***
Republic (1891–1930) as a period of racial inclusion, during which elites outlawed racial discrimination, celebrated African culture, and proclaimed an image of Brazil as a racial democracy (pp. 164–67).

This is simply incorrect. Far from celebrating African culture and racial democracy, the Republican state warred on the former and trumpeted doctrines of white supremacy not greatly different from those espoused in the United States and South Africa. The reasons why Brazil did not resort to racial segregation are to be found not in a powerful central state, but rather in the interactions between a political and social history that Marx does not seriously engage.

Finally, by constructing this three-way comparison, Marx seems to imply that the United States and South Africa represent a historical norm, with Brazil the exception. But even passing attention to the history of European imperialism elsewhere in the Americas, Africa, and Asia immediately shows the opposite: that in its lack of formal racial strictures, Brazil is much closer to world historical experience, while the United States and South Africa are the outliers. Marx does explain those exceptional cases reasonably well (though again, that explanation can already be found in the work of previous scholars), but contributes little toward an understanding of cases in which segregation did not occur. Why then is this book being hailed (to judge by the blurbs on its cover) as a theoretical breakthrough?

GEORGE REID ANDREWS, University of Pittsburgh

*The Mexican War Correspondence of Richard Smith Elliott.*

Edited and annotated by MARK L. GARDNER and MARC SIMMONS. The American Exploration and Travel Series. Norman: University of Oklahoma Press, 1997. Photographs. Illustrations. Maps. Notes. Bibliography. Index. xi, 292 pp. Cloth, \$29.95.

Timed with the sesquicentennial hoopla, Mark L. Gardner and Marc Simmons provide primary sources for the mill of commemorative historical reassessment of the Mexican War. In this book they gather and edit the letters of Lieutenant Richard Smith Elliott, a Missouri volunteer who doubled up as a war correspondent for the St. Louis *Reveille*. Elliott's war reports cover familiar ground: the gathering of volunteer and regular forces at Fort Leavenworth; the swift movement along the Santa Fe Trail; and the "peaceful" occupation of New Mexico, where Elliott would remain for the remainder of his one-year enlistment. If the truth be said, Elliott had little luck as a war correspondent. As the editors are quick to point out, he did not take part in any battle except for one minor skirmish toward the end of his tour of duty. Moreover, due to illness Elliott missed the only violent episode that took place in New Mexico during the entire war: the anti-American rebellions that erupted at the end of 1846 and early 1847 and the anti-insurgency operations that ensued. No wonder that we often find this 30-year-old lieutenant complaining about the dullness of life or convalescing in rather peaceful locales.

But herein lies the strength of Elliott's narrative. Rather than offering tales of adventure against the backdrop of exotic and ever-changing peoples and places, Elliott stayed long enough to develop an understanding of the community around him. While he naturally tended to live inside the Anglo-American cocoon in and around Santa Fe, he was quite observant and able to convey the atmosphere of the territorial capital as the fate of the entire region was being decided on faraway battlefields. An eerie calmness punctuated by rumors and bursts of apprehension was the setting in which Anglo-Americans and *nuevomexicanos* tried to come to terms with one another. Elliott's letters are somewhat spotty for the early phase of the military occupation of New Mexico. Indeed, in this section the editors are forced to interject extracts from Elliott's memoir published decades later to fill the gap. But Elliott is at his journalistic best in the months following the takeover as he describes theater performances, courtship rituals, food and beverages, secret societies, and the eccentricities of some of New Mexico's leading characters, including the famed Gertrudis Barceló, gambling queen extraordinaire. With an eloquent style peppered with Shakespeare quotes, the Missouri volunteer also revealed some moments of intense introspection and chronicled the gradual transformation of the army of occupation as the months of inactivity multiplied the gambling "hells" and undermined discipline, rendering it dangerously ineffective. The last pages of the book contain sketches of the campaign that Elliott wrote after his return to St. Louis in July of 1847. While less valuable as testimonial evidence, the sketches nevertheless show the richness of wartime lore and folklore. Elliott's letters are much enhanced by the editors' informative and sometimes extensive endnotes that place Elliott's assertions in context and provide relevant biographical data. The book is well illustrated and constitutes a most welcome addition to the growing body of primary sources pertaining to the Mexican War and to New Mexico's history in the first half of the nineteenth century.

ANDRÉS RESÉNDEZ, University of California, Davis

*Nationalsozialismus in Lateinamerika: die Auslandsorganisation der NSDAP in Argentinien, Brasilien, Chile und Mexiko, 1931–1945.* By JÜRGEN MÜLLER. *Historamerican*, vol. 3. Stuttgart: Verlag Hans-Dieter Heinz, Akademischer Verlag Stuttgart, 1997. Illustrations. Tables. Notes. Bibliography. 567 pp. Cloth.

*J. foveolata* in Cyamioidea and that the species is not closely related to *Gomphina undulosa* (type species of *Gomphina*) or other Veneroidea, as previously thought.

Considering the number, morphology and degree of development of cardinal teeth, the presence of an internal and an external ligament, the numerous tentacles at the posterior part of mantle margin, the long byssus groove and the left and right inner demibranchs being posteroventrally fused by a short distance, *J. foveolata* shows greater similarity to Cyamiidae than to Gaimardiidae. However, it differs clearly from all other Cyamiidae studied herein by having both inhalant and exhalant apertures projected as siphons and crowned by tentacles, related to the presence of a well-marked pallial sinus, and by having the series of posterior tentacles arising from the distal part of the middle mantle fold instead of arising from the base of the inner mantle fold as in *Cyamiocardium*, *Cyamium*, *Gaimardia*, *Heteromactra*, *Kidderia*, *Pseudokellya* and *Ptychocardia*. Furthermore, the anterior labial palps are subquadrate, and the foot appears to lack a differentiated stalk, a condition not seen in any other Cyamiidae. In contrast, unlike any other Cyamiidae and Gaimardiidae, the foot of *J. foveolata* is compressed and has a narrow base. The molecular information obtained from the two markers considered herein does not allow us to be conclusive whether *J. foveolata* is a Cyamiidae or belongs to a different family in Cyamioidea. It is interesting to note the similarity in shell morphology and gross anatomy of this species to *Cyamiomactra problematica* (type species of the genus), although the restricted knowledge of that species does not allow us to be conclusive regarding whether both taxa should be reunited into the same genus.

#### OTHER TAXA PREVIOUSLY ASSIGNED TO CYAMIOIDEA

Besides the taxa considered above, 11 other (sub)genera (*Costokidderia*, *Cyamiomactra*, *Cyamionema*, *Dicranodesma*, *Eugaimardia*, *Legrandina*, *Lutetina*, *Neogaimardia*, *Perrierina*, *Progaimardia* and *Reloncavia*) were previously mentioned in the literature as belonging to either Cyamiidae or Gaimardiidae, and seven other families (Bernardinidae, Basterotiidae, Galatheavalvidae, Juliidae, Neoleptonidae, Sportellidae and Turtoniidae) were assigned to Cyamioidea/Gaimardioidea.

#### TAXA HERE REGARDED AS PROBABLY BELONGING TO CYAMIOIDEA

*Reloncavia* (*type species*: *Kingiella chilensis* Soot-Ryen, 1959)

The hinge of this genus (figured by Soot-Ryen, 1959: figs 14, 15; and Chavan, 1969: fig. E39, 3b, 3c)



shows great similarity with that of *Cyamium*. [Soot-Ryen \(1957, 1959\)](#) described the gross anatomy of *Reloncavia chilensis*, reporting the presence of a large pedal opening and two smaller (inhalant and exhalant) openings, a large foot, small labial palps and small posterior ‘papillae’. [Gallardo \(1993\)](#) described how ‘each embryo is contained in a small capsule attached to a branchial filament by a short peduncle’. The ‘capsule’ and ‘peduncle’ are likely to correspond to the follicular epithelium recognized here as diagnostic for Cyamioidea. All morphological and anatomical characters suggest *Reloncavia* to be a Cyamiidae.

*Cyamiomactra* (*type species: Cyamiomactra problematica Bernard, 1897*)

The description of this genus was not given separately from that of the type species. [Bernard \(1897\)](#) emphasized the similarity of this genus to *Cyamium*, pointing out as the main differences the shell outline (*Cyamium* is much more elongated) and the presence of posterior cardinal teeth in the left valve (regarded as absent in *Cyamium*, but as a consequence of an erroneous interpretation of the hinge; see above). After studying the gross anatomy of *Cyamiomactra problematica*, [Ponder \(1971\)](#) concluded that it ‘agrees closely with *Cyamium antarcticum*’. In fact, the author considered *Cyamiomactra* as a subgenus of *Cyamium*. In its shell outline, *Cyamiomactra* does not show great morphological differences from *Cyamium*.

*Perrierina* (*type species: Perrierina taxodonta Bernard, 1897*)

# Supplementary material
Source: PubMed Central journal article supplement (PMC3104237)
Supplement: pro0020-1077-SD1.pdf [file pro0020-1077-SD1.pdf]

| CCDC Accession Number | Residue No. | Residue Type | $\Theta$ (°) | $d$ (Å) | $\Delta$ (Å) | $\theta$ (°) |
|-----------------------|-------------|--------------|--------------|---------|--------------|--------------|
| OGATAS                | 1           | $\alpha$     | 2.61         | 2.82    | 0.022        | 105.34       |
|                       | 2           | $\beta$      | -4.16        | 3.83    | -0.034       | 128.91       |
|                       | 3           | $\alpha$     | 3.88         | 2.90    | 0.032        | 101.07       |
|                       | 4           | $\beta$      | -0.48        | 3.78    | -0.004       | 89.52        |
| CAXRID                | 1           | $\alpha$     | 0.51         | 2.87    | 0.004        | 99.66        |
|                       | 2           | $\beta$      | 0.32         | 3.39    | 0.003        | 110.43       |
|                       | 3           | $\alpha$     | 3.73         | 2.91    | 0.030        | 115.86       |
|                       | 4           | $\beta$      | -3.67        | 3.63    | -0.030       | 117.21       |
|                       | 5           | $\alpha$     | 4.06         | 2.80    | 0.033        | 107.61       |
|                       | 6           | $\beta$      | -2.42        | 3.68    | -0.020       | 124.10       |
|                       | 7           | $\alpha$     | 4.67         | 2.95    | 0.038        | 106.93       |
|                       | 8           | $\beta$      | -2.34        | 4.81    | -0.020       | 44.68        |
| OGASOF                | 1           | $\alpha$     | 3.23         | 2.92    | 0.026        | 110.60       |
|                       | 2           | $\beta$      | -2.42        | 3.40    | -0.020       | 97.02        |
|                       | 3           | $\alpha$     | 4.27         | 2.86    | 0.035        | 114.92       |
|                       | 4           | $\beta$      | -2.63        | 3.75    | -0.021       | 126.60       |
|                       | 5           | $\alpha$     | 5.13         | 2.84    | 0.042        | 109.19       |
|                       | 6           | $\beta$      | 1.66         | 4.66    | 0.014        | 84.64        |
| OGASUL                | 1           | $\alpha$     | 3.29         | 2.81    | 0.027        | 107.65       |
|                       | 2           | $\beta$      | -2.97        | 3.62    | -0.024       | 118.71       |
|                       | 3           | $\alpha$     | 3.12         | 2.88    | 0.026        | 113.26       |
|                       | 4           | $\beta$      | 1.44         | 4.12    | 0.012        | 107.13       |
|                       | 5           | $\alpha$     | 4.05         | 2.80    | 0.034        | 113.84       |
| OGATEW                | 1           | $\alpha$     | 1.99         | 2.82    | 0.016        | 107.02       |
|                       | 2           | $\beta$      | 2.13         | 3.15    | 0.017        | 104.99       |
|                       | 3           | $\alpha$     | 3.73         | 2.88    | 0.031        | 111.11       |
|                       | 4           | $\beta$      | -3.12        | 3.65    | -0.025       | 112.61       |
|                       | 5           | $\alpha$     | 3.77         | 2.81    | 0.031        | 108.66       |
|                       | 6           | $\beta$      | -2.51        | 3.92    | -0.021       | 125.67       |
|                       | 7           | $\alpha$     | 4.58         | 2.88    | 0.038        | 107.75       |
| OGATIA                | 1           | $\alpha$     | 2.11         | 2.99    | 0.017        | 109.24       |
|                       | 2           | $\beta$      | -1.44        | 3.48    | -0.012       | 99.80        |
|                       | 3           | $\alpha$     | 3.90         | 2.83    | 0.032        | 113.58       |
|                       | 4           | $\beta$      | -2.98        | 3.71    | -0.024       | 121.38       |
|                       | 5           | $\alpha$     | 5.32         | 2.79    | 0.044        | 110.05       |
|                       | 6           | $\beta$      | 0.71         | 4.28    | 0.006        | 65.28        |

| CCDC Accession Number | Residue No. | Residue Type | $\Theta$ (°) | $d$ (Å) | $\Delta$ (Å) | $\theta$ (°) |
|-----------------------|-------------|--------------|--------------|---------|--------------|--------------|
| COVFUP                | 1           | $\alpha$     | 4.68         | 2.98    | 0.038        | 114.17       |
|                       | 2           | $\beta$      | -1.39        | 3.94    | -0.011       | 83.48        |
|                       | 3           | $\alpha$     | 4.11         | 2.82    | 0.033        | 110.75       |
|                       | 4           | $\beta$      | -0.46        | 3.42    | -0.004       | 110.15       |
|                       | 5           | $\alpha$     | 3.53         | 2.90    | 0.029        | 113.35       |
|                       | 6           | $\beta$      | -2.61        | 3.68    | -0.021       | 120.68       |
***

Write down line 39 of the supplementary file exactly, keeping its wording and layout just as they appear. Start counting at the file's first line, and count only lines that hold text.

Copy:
| OGASOF                | 1           | $\alpha$     | 3.23         | 2.92    | 0.026        | 110.60       |